Bordeaux : A Downstream Struggle
"Nobody ever forgives Bordeaux anything," said one Bordelaise wine official earlier this year, at about the same time that thirsty journalists from around the world gathered to taste the new vintage from the Gironde region. The statement reflects the attitude among many in Bordeaux that they have been singled out for unfair treatment over the quality of their wines - after all this is the region that has given the world Chateau Latour and Chateau Margaux surely we should cut them some slack over their lesser wines?
However when you are the self-proclaimed centre of the wine world, you only have yourself to blame when you cannot live up to the image you yourself have cultivated. And, when it comes to generic level, many Bordeaux wines are well off the mark - on the periphery of modern moves to improve quality at low-price levels rather than the centre.
Fortunately, for those who love this region, the noise generated by journalists, magazines and consumers has been loud enough to shake a handful of forward-thinking Bordelaise into acting to stop the slide of this region's reputation.
For a number of years now the CIVB has taken 200 bottles of wine a month from the retail outlets of France and put them through a tasting and analysis process to check on quality. In what Eric Dulong, vice president of the Conseil Interprofessionel du Vin de Bordeaux (CIVB), has called a "small revolution", a downstreaming process has expanded this effort, and it is a commendable step.
Now 200 Bordeaux AOC wines from every market in the world will be brought back to the CIVB and tested for quality. Producers that fail the standards test will have to submit their wines tank by tank at the next vintage before they receive the AOC status. Negociants that fail will have to prove to the CIVB that can produce better wines or they will have to submit every wine they export to the CIVB before they are given a Certificat d'Origine.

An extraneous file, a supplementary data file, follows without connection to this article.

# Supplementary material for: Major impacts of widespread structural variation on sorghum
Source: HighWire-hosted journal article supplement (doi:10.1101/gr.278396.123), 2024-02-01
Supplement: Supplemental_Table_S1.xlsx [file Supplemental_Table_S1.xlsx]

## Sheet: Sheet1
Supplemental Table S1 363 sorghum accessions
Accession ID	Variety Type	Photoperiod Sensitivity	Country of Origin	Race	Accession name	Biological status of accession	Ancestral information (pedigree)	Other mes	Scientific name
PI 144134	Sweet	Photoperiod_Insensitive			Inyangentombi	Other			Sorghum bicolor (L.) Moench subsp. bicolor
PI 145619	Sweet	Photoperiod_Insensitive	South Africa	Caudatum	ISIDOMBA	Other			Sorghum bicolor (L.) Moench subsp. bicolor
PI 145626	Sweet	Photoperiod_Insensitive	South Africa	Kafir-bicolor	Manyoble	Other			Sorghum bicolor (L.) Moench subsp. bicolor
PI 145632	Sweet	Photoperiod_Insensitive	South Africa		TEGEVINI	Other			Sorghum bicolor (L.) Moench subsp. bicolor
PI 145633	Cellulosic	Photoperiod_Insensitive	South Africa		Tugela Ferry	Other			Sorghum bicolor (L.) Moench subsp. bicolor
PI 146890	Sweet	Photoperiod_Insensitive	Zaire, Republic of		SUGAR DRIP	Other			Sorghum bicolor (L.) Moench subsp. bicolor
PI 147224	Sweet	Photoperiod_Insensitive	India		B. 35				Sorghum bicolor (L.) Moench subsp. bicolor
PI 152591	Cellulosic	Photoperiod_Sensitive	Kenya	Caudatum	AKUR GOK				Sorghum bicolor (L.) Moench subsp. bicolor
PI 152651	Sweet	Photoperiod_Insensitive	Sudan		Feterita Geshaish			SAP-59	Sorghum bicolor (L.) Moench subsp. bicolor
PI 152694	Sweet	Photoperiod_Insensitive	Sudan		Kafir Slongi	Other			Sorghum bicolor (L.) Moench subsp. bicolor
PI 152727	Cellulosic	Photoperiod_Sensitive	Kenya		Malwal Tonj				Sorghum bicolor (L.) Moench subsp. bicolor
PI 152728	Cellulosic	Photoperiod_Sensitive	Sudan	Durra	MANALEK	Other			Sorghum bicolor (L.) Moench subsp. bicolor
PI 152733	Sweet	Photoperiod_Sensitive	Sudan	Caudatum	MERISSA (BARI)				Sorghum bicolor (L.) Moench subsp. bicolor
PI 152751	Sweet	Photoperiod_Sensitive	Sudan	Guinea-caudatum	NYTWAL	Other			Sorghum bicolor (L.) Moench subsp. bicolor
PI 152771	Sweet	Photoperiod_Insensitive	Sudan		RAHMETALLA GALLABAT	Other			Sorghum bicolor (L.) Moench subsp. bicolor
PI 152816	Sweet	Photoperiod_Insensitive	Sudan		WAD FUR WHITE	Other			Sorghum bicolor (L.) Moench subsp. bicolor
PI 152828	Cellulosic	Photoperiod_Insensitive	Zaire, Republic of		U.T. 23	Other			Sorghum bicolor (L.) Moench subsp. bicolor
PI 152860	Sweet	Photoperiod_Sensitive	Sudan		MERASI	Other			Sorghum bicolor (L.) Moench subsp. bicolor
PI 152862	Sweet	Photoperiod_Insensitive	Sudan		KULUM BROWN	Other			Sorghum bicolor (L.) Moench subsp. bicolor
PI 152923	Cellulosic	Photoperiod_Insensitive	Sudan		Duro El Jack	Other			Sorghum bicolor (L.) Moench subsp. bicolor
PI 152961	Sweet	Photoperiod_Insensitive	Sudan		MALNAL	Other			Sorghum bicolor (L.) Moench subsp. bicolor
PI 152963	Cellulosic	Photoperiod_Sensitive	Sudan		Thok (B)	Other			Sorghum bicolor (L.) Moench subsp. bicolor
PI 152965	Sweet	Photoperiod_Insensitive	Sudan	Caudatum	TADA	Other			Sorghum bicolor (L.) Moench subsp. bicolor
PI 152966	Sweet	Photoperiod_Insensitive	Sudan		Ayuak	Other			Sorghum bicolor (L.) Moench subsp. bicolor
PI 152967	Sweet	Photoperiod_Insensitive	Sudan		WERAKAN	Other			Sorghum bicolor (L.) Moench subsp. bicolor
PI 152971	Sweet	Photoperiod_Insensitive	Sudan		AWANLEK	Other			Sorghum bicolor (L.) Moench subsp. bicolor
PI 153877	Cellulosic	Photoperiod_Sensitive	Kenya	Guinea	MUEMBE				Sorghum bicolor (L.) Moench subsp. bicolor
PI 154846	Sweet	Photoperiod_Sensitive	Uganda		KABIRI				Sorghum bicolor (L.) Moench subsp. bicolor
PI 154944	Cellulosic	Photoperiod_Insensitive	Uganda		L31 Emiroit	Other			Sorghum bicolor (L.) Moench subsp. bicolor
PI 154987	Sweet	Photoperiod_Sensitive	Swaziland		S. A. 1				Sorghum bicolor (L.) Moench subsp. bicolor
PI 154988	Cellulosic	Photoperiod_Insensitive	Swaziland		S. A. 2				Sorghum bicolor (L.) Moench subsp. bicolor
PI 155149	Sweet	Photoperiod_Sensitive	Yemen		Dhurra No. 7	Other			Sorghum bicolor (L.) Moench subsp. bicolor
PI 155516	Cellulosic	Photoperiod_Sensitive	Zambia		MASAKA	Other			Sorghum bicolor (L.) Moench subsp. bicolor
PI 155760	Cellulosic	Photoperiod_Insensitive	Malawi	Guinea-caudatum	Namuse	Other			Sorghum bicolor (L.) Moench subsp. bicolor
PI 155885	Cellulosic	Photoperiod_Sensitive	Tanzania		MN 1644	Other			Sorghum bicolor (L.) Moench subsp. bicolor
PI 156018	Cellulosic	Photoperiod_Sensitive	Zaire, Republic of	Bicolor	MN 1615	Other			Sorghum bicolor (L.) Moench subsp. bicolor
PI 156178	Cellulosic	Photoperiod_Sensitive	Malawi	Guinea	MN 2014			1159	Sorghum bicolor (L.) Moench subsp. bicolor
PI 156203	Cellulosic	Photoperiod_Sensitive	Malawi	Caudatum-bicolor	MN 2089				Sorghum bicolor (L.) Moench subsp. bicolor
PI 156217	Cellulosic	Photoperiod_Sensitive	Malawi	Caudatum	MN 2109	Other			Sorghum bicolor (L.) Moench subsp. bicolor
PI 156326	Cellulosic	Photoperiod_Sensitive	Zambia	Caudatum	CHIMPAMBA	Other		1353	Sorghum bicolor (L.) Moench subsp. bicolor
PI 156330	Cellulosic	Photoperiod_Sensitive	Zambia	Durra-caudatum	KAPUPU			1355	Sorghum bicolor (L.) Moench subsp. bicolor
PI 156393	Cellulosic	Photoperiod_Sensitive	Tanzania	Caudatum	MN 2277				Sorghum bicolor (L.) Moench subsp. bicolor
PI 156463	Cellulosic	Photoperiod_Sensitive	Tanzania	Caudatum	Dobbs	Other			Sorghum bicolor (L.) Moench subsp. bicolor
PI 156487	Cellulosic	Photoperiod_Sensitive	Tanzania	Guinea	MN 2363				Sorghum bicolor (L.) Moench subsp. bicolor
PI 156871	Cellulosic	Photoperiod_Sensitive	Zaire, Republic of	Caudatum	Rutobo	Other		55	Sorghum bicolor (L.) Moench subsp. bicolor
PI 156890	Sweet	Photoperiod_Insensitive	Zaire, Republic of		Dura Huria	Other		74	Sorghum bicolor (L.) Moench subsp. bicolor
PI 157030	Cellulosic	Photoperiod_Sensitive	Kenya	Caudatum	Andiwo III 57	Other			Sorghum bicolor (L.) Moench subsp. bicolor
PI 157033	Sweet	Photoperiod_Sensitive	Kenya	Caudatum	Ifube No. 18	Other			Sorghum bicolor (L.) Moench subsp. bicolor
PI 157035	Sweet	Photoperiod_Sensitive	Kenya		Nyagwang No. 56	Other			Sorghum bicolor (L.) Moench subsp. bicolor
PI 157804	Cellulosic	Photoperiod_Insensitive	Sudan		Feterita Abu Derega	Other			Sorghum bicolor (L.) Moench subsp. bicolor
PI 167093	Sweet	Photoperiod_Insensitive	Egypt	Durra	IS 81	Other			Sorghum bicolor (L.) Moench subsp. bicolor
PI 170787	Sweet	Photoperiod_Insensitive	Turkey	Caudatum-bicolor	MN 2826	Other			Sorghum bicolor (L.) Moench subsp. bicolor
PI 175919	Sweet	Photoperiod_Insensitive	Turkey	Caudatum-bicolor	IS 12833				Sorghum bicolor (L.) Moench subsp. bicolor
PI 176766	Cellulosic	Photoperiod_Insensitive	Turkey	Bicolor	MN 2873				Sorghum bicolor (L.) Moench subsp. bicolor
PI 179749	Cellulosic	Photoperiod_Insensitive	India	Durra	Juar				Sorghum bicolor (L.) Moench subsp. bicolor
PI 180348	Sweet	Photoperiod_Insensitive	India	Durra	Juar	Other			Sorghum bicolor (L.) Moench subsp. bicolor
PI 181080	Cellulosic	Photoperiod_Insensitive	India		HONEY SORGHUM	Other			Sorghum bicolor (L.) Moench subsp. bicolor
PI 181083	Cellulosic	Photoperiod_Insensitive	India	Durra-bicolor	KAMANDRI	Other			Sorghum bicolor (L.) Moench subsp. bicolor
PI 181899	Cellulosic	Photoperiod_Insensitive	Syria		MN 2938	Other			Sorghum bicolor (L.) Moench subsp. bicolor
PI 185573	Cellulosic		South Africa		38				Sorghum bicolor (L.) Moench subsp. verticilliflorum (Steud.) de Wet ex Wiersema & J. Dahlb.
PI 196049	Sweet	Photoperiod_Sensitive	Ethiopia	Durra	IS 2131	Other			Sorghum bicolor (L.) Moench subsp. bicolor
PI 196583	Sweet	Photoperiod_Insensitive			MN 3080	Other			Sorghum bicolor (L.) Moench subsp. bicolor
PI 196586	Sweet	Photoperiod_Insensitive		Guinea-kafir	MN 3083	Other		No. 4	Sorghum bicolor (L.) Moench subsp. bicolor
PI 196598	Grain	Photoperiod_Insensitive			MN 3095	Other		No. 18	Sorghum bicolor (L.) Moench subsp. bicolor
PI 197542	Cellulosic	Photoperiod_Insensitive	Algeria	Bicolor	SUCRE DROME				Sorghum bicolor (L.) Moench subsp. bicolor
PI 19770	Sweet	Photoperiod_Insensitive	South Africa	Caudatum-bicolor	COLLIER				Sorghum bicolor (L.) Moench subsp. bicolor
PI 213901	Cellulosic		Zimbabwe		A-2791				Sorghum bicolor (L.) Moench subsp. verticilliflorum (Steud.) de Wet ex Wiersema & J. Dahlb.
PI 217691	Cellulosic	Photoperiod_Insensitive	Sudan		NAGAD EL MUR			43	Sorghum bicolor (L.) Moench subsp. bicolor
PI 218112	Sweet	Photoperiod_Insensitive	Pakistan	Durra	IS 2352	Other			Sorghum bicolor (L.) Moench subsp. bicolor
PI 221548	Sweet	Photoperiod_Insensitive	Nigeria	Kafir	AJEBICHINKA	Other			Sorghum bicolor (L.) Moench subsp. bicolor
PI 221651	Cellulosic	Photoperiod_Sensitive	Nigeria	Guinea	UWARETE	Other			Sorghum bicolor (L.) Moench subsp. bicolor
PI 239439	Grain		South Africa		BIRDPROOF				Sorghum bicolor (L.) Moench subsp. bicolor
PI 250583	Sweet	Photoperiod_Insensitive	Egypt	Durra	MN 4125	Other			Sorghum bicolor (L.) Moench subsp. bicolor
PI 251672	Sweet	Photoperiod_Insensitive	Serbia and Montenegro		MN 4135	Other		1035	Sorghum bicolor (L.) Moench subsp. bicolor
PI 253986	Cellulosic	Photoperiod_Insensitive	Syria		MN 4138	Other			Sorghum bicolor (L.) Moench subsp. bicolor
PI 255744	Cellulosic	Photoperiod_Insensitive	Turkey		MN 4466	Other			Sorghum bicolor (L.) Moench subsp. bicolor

So when can we start to see the effects of the new system? Well the hope from the CIVB is that things will start to shape up in five years. However, as much as we may look forward to these results there are several flaws in the plan. Firstly, persuading those who want to improve to invest in quality will be easy enough. However, there are large numbers who believe they are doing nothing wrong and do not want to change the viticultural or vinification methods they have been using for decades.
Philippe Casteja of negociant Borie-Manoux gives an example of the difficulties of changing the ways of this region. "In Bordeaux we have the key to open the quality door, but we have to talk to each owner to improve the quality. This is not an easy task, to say to a producer I have tasted your wine and I think you need to do this or that. I saw a producer recently. He had a good wine at a good price but his label was dreadful. I told him we could not accept the wine unless he changed the label, but he wouldn't. He said, 'You want to change all that tradition, I don't care about selling to you that much.'"
The situation is further complicated by the fact that it is unclear what powers the CIVB will have to impose their quality controls. How much authority will the CIVB have over persistent offenders and those who refuse to improve quality? And, when a producer fails the downstream test how many years will he have to submit wines tank by tank, if it is only the following year will he not just revert to his old ways by the next vintage? These are all questions that have ambiguous answers at present. Furthermore, given that all solutions should start at the source how will the CIVB control a region of growers notorious, rightly or wrongly, for high yields?
From an outsiders point of view the most worrying aspect of the new quality controls is that this might be it. As commendable as the effort is of tasting 200 Bordeaux wines from every market, it is not nearly enough - at best it is going to be painfully slow and at worst it fails to address the root of the problem, which is that too many poor wines get onto the market in the first place.
French politics enter the equation when you try and suggest that the tasting process by which the wines receive their AOC status should be tightened up. At present a winemaker enters one sample from a blend of all his tanks for the AOC tasting. If he needs ten out of 20 to secure the AOC his sample might be a blend of a wine worth seven and a wine worth 15 and he would therefore pass. However he could then go on to sell the wine from the tank that scored 15 as his own, and pass on the substandard wine as anonymous AOC wine.
"The one way to solve our problems is so crystal clear that I can't see any counter-argument," says Charles Sichel of Maison Sichel. "Other AOCs and Vin de Pays take samples from each lot from each cellar. In Bordeaux we take one from a blend of all the lots, thus elevating what's bad and bringing down what's good."